• If you have a co-director for the community in question who is more AI-focused, perhaps split responsibilities along cause area lines
  • Be open about your personal position (i.e. being unpursuaded about the value of AI risk) but separate that from being a community builder where you introduce the various major cause areas (including AI) and present the arguments for and against it

I don't think you should have to update or defer your own views in order to be a community builder at all, and I'd encourage you to hold on to that feeling of being unconvinced

Hope that helps! :)

However I still find myself reluctant to put AI as my priority despite knowing these things.

One way out is to simply not put AI as your own, personal, priority (vs say "the wider EA community's priority", a separate question altogether). 80,000 Hours' problem profiles page for instance explicitly says that their list of most pressing world problems, where AI risk features at the top, is 

ranked roughly by our guess at the expected impact of an additional person working on them, assuming your ability to contribute to solving each is similar

which is already an untrue assumption, as they clarify in their problem framework:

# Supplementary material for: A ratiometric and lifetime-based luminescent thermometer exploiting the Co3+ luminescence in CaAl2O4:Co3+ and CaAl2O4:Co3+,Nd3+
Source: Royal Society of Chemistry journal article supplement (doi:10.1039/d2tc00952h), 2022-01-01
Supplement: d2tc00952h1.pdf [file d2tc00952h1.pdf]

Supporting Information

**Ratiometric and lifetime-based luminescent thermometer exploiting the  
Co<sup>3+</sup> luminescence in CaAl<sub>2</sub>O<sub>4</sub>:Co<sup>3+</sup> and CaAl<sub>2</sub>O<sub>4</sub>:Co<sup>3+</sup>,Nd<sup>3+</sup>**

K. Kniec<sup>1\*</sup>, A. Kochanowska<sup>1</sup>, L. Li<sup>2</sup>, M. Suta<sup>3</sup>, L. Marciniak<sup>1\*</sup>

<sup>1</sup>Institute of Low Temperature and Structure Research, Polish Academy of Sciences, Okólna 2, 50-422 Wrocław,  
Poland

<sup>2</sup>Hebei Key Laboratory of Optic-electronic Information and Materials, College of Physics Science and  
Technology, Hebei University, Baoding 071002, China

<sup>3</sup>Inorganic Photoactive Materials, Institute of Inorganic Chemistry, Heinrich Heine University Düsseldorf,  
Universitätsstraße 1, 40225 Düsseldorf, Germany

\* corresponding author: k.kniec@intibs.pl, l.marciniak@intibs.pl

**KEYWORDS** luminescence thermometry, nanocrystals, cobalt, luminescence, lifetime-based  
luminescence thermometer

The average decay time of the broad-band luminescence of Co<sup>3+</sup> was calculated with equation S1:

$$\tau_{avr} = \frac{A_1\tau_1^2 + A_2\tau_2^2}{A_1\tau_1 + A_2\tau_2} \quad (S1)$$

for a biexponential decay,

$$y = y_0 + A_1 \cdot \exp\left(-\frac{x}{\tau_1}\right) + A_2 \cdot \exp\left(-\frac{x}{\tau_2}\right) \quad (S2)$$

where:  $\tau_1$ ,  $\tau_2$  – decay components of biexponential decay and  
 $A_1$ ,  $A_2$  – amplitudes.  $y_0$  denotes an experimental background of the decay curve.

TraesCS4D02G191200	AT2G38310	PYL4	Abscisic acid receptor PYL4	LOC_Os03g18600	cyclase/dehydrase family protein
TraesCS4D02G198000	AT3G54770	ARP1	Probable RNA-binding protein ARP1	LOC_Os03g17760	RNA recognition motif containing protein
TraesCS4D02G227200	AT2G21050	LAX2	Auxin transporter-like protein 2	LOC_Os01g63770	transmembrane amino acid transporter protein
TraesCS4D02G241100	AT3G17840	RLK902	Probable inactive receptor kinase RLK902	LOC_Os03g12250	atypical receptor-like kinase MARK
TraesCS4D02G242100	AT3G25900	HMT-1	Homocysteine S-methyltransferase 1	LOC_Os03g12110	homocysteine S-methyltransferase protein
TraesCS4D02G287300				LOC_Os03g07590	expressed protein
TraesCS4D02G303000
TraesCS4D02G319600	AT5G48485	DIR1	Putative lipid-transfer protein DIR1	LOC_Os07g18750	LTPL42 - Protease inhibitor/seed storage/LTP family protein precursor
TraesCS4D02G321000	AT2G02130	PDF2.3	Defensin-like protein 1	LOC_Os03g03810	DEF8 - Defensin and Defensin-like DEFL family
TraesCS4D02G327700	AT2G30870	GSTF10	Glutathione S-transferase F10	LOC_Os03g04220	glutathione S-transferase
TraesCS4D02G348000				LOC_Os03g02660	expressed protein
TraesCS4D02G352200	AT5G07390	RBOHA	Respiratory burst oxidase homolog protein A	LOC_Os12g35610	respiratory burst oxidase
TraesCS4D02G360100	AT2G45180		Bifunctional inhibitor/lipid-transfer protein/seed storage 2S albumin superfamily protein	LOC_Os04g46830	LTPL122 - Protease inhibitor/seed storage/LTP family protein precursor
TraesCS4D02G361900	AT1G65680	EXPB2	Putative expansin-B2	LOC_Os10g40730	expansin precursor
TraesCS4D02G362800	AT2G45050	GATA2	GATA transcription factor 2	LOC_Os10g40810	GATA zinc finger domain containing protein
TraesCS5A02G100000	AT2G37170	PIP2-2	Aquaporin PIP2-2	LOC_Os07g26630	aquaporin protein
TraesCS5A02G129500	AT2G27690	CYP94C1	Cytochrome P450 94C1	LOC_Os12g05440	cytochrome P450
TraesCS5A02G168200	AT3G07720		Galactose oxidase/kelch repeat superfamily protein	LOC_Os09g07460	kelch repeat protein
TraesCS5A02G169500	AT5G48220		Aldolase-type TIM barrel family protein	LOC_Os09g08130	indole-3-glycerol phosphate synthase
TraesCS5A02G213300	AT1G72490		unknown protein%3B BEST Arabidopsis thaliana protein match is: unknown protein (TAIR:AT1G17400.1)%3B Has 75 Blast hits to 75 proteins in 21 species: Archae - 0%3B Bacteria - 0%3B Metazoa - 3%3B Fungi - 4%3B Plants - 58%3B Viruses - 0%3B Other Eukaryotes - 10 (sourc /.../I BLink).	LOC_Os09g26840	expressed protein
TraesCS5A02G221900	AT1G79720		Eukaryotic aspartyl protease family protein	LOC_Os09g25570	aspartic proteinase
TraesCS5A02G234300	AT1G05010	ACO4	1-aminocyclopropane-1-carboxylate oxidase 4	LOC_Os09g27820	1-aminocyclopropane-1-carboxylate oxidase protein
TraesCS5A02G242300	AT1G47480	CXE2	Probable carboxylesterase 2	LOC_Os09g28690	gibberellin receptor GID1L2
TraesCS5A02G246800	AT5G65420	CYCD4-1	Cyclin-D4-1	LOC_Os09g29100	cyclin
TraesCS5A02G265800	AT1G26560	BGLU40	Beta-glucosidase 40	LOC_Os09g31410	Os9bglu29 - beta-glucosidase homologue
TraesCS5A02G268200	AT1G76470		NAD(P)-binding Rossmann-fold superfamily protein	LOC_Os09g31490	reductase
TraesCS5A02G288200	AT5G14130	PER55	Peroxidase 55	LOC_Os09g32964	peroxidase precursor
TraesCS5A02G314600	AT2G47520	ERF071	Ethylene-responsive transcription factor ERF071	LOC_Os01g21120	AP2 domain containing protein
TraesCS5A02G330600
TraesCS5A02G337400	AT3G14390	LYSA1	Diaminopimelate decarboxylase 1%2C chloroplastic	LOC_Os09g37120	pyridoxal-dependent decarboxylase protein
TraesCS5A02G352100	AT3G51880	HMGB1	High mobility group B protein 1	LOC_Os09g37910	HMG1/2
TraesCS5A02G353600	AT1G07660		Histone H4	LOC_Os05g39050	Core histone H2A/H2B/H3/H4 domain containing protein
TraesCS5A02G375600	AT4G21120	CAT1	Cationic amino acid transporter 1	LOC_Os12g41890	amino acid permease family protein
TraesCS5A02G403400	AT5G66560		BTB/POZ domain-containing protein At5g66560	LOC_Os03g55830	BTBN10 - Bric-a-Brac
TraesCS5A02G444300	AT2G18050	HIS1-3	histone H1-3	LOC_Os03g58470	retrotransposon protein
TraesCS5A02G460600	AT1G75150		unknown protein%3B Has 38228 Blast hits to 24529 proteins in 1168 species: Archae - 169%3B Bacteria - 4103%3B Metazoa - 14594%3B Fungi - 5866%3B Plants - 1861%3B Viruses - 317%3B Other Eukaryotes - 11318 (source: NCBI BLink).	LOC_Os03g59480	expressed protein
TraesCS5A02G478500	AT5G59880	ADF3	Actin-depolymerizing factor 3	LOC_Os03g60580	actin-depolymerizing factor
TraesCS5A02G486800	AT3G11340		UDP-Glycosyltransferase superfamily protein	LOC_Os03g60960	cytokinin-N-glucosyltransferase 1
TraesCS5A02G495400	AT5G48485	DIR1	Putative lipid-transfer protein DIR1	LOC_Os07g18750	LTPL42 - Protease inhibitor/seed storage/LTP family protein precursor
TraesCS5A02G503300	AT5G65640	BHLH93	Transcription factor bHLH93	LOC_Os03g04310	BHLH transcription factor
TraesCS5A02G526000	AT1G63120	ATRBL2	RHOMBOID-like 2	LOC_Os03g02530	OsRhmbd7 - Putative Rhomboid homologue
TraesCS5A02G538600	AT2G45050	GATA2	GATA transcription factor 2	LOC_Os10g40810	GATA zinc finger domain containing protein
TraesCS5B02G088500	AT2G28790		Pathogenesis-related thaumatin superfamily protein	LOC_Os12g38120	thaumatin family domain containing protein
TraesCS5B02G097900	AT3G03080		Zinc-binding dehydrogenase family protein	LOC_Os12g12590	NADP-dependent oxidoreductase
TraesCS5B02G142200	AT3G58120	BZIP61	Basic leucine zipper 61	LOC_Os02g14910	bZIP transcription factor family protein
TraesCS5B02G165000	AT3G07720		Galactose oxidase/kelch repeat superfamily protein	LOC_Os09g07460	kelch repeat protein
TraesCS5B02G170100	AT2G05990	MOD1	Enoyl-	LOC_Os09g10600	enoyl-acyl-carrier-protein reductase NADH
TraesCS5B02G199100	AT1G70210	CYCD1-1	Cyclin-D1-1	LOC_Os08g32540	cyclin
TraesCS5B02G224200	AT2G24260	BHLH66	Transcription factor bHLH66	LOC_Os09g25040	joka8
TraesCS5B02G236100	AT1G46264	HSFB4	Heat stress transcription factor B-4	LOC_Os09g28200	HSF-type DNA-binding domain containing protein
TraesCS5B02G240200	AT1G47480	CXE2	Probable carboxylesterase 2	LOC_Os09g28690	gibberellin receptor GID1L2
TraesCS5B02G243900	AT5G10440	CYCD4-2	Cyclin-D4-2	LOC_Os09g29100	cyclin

While personal fit is not assessed in our problem profiles, it is relevant to your personal decisions. If you enter an area that you find totally demotivating, then you’ll have almost no impact. 

Given the ostensible reluctance in your post, I'm not sure that you yourself should make AI safety work your top priority (although you can still e.g. donate to the Long-Term Future Fund, one of GWWC's top recommendations in this area, and read Holden's writing and discuss it with others, and so on, none of which require such drastic re-prioritization).  

Also, since other commenters / answerers will likely supply materials in support of prioritizing AI safety, for the sake of good epistemics I think it's worth signal-boosting a good critique of it, so consider checking out Nuno Sempere's My highly personal skepticism braindump on existential risk from artificial intelligence.